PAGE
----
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via Leigh Blackall by Leigh Blackall on 01/07/09Educational development is the concern of anyone who works in education. For us at Otago Polytechnic, we have established an Educational Development Centre which, as with other units and departments in the Polytechnic, is always a risk of "institutionalising" the notion of educational development, so that educational professionals think of it as something "they do".
Over lunch Veronique, Terry and myself had a pretty intense discussion about some of our educational development work. We had just returned from a session looking at Moodle, and Veronique was expressing some concern about an apparent disconnect between some of the things we say and do. Veronique cited the work in open education for an example - where at a policy level we encourage staff to engage with open educational practices, but on the ground it appears to be not gaining as much traction as we might have hoped.
This may come as a surprise to people on the outside looking in, but we still do not enjoy a feeling of engagement and support from other areas in the Polytech such as our marketing team, our IT team, and our human resources team - not a resistance to it, just a question of support and engagement. There isn't a clear understanding of open education and how the detail in it affects the work in those areas for example. There are too many documents such as media release forms, employment contracts, and presentation templates that do not relay the principles in our copyright and intellectual property policies, and the range of software supported by our IT unit (understandably ring fenced) does not offer much support at all for open or popular media. Some Departmental managers are resistant to developing open educational practices, sometimes for good reasons, but largely due to a lack of understanding. And all this is filtering down to teaching staff, who ultimately have a low level of trust and understanding with regard to open educational priorities and best practices, or an insecure feeling about going out on a limb and developing open education only to have their manager real them in.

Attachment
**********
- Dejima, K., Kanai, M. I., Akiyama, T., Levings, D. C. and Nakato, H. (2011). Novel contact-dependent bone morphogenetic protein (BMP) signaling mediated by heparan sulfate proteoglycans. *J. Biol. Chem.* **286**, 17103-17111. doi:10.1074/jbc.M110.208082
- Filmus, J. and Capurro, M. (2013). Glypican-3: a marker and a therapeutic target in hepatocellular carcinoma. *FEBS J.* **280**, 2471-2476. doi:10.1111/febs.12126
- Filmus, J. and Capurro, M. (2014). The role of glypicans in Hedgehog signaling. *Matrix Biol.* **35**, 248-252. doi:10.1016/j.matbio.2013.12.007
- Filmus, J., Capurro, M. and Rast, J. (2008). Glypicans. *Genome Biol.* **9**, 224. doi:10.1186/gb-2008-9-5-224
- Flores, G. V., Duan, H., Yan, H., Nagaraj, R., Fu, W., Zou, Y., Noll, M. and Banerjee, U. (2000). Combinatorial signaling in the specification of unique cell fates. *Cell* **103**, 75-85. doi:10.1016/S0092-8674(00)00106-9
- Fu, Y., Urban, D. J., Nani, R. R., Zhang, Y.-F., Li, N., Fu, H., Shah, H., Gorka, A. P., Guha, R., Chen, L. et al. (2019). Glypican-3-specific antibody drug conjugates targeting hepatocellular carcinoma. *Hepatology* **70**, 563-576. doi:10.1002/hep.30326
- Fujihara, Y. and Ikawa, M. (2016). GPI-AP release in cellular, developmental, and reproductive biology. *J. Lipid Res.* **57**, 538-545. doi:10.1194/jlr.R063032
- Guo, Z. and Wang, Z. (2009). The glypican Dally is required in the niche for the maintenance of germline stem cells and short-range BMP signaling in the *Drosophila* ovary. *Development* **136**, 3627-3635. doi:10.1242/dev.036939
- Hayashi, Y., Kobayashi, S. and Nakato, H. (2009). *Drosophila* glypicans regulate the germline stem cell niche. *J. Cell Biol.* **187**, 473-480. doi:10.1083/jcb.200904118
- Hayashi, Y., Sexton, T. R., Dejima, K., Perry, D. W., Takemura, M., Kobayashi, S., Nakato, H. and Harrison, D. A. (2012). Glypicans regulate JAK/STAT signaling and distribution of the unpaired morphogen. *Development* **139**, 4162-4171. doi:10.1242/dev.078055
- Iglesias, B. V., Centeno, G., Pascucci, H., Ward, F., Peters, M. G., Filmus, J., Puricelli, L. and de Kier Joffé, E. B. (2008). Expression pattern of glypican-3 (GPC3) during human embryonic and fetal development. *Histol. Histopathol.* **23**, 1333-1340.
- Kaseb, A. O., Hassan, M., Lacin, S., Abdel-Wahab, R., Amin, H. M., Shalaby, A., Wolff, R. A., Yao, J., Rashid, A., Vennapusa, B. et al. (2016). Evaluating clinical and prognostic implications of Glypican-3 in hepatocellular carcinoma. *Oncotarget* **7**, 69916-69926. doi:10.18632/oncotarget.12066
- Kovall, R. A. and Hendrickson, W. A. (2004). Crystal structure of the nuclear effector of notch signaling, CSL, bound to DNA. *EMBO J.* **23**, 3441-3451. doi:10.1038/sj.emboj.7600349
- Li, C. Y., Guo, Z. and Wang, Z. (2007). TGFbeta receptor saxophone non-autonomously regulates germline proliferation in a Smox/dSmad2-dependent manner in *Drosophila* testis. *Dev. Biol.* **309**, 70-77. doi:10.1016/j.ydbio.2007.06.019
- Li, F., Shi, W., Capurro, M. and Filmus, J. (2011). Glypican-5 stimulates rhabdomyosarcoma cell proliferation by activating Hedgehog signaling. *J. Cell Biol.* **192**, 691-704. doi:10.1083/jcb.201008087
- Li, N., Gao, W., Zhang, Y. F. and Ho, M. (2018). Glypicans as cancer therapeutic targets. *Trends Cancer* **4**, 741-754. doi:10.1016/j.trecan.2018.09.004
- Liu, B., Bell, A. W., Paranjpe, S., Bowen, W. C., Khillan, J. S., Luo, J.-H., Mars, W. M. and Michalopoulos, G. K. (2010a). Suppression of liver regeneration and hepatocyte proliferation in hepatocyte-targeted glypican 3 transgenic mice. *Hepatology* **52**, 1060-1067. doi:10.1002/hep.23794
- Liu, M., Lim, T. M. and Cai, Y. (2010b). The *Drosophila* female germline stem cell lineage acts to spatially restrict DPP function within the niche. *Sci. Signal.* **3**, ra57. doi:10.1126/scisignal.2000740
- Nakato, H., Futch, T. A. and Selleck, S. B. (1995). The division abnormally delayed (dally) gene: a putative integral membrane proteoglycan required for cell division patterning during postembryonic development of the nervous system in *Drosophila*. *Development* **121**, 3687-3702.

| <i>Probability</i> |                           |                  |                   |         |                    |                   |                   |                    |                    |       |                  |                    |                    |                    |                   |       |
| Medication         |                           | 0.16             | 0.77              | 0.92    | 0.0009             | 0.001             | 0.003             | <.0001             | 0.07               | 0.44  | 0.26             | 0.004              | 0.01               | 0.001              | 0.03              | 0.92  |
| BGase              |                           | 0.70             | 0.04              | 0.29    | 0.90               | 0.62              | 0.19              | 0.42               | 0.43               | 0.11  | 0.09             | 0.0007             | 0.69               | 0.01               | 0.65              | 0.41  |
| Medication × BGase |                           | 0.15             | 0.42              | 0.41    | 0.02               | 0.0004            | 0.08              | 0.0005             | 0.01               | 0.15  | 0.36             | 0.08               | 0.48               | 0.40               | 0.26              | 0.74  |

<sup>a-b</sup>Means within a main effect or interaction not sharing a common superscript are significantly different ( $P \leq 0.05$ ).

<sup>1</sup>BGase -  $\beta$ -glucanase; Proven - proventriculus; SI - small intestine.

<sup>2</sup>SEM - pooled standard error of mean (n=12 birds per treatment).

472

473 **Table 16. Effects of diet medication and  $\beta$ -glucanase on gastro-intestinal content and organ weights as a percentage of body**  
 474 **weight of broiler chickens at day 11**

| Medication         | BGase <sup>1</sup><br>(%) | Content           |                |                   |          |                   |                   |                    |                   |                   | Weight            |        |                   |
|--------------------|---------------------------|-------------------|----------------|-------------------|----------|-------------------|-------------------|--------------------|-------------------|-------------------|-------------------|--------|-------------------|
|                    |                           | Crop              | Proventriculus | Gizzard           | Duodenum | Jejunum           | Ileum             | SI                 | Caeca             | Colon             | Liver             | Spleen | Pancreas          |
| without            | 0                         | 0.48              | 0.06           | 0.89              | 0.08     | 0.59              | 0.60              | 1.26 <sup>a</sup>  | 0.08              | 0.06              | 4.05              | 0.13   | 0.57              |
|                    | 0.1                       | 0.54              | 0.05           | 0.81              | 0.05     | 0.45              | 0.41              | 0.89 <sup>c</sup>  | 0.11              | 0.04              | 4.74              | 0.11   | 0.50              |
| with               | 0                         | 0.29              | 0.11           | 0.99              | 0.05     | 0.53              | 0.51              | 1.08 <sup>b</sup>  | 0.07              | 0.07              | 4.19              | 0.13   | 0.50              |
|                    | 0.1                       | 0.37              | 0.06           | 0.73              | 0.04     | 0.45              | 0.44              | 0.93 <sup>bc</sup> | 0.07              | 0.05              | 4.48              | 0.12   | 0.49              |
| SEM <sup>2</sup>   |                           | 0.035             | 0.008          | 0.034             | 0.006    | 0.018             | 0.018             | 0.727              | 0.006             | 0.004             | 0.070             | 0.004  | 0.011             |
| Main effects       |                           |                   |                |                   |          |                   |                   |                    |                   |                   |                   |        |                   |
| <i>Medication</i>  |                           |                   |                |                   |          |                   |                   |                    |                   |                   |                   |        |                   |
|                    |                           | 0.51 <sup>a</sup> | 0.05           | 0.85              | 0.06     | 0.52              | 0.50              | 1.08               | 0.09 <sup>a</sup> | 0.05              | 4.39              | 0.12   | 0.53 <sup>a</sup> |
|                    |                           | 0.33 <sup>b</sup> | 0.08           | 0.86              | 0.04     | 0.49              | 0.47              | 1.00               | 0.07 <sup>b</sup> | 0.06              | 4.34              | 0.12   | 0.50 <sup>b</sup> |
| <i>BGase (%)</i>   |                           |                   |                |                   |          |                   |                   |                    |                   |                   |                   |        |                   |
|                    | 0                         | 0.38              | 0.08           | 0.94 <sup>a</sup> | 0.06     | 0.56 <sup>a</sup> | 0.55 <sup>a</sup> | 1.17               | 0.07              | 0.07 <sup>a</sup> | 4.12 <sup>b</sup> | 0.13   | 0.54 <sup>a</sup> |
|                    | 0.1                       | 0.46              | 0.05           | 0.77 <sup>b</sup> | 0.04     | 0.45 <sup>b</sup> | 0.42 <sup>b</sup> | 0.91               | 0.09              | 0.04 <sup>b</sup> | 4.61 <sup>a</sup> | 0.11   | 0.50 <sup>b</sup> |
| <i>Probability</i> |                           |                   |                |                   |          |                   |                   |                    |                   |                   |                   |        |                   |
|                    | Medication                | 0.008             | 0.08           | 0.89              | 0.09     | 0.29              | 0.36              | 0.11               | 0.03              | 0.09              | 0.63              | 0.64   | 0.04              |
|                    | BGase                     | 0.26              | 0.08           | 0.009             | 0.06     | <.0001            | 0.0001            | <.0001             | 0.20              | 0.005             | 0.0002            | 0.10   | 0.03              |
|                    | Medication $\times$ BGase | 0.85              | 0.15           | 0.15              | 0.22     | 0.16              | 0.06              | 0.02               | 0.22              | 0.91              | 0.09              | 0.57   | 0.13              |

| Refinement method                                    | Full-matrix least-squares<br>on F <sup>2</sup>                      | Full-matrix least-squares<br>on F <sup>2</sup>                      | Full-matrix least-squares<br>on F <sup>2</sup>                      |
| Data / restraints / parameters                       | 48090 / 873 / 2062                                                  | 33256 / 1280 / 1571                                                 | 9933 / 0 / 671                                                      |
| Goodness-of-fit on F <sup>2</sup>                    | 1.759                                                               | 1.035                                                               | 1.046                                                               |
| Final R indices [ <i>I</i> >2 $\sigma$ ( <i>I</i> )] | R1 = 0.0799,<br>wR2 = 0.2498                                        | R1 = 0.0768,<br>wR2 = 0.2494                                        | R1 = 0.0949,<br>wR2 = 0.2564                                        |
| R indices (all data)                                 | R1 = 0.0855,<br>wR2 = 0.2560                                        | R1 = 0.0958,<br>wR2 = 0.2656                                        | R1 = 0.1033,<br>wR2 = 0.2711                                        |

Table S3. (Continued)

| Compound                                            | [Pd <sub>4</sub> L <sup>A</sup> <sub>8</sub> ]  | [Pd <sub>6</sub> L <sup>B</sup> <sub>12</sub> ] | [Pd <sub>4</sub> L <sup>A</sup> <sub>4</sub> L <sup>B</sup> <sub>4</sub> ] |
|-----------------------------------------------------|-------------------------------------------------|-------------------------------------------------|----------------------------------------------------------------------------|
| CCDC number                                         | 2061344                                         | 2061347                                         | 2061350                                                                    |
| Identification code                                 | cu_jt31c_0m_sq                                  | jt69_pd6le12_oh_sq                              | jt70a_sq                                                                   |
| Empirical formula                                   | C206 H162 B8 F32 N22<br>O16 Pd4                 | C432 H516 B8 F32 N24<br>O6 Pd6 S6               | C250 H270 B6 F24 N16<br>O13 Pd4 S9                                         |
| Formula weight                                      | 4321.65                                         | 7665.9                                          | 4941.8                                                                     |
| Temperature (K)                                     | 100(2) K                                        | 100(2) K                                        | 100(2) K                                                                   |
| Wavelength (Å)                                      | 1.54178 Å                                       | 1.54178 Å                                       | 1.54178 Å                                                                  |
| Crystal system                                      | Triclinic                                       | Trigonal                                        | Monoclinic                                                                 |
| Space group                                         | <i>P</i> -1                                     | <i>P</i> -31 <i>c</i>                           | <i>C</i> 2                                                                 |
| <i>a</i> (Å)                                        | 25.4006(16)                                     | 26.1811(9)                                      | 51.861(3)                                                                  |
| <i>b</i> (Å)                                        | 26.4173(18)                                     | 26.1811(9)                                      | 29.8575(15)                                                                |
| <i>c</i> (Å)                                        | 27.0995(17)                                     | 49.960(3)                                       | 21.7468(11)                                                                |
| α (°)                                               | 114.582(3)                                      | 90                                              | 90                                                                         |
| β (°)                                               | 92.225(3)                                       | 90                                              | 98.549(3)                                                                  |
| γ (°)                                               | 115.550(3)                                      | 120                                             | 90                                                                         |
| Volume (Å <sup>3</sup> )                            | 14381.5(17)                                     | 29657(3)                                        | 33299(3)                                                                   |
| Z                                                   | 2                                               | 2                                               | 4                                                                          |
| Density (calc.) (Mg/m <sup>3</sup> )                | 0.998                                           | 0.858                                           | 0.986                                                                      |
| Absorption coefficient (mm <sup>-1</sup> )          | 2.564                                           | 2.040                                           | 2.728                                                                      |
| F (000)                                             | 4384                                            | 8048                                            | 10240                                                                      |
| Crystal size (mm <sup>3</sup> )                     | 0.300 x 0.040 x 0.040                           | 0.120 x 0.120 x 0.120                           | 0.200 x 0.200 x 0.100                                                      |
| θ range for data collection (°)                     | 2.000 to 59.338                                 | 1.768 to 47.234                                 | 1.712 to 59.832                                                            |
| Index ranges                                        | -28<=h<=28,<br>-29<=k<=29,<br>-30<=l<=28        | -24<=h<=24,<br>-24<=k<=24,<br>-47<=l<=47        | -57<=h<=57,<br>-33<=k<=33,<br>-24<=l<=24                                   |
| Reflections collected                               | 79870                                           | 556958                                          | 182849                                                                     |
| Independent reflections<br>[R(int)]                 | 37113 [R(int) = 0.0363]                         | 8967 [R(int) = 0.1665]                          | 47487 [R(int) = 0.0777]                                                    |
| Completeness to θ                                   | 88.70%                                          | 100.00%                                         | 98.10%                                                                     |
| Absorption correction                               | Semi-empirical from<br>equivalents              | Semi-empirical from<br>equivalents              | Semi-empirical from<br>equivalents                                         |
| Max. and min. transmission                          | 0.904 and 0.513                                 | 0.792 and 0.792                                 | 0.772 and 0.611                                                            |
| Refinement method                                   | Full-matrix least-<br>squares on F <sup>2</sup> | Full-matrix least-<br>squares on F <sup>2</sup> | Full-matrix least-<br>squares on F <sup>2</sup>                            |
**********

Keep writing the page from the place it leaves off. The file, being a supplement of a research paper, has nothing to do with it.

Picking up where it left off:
All of this was hotly contested either way in our discussion today, and I'm sure my colleagues around the wider Polytechnic would all have a range of positions on the matter as well (part of the reason for writing this post). As Terry pointed out, it could all be just a matter of time, and that our efforts to develop open educational practices are still very young, have a long way to go and that we need to 'start where people are at'. I can accept that for sure, but that doesn't negate my feeling that there is a lot more we could be doing to ensure synergy and cooperation between our service areas and departments, and in working towards more openness between each other in our planning and implementation. It could be that we are mistaken about the point where people are at!
A framework for thinking about educational development